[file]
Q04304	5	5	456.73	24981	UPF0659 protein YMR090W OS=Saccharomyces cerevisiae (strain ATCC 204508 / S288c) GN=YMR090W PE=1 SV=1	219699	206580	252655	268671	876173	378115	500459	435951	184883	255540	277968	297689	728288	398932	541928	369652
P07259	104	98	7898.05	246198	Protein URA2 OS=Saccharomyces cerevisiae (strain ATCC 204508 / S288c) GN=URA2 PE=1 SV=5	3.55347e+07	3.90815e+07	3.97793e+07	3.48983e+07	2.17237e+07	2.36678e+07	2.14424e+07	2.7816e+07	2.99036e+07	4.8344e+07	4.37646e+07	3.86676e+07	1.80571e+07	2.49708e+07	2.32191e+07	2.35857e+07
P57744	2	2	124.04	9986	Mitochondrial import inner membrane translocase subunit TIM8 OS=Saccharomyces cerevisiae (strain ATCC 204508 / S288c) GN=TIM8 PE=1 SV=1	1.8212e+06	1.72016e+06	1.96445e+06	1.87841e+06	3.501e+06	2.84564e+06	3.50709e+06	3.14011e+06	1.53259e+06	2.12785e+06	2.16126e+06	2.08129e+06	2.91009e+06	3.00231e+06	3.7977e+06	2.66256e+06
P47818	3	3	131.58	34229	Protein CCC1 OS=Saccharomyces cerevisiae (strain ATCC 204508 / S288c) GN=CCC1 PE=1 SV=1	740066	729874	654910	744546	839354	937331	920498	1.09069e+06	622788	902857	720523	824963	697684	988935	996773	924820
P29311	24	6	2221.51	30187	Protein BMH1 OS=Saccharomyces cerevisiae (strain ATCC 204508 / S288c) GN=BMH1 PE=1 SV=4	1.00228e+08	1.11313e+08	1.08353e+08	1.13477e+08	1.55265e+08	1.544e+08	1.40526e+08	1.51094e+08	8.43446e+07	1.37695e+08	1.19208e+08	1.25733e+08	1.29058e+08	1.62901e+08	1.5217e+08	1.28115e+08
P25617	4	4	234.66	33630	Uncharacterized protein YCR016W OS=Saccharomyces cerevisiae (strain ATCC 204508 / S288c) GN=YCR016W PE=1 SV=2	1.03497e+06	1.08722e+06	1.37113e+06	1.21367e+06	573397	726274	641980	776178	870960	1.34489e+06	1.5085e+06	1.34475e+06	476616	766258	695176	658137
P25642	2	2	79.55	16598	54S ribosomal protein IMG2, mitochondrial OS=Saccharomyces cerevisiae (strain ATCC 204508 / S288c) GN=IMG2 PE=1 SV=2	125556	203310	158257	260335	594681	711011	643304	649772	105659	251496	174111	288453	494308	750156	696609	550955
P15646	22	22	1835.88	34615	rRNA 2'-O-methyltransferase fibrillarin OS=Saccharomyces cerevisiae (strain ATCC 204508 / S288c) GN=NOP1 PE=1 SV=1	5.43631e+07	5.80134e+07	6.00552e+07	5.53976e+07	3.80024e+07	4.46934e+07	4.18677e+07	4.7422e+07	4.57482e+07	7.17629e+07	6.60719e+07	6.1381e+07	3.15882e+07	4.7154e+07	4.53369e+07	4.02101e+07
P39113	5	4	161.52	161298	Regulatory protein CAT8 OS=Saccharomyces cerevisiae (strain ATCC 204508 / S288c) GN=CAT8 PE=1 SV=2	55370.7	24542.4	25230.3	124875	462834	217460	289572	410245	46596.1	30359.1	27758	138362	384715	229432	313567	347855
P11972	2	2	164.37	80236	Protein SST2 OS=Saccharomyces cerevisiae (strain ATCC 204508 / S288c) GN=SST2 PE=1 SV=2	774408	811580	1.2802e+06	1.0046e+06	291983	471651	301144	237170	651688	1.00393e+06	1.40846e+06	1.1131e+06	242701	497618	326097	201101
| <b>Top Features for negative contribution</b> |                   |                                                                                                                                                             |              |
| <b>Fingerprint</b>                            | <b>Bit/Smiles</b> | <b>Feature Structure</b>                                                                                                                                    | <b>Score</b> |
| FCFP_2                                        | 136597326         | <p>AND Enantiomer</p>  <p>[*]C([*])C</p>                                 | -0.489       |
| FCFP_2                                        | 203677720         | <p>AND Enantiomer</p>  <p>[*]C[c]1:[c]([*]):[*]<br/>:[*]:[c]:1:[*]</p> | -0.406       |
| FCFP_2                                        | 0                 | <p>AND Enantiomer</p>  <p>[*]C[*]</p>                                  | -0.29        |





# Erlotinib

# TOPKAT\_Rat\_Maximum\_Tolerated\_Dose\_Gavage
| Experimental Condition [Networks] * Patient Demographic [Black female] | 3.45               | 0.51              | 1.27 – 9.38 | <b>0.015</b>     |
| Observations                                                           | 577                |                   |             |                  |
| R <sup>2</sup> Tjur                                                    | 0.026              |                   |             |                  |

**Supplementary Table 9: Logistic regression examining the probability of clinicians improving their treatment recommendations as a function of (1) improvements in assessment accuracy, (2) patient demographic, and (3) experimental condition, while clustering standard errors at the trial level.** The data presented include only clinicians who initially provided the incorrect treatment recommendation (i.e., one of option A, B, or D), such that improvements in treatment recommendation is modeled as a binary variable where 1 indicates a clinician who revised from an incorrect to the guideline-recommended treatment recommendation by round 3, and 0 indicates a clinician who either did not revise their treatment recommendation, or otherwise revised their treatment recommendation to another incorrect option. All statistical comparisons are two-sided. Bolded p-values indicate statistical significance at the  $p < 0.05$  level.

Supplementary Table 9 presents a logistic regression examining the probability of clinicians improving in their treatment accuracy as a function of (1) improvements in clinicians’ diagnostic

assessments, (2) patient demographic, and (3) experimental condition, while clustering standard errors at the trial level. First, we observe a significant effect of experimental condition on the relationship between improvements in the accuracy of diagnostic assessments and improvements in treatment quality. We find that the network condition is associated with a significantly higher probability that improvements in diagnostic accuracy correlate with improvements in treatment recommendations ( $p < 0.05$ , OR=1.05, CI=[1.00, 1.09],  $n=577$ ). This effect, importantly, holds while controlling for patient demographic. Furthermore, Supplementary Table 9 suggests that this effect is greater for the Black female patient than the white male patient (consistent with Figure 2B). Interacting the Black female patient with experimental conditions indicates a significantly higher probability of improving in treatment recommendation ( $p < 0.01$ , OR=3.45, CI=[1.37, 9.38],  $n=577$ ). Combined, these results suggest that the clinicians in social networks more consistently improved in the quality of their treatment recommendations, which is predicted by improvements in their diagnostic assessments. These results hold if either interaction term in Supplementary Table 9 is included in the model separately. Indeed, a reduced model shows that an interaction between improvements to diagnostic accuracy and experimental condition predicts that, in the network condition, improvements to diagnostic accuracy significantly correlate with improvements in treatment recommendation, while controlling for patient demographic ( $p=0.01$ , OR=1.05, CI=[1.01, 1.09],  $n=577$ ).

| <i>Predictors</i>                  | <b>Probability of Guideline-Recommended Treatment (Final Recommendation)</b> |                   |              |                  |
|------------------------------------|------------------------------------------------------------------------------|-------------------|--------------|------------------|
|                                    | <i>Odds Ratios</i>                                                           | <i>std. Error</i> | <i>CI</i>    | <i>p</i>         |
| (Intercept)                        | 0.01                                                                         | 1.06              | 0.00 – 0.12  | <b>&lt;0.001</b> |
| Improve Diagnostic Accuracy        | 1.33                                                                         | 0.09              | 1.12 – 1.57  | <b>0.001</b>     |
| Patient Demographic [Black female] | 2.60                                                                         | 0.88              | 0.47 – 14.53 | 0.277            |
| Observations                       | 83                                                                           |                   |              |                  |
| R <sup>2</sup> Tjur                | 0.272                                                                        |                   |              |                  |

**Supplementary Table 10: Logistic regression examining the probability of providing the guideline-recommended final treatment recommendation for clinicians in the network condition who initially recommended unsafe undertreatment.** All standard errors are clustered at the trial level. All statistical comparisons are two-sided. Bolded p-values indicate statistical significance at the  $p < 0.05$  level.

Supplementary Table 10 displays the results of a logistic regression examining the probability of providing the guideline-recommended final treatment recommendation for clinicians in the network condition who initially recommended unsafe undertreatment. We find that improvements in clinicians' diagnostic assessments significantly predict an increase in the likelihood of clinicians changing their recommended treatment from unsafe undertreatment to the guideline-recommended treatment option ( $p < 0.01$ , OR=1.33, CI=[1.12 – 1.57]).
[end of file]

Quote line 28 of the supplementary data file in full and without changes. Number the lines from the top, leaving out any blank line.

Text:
| Improve Diagnostic Accuracy        | 1.33                                                                         | 0.09              | 1.12 – 1.57  | <b>0.001</b>     |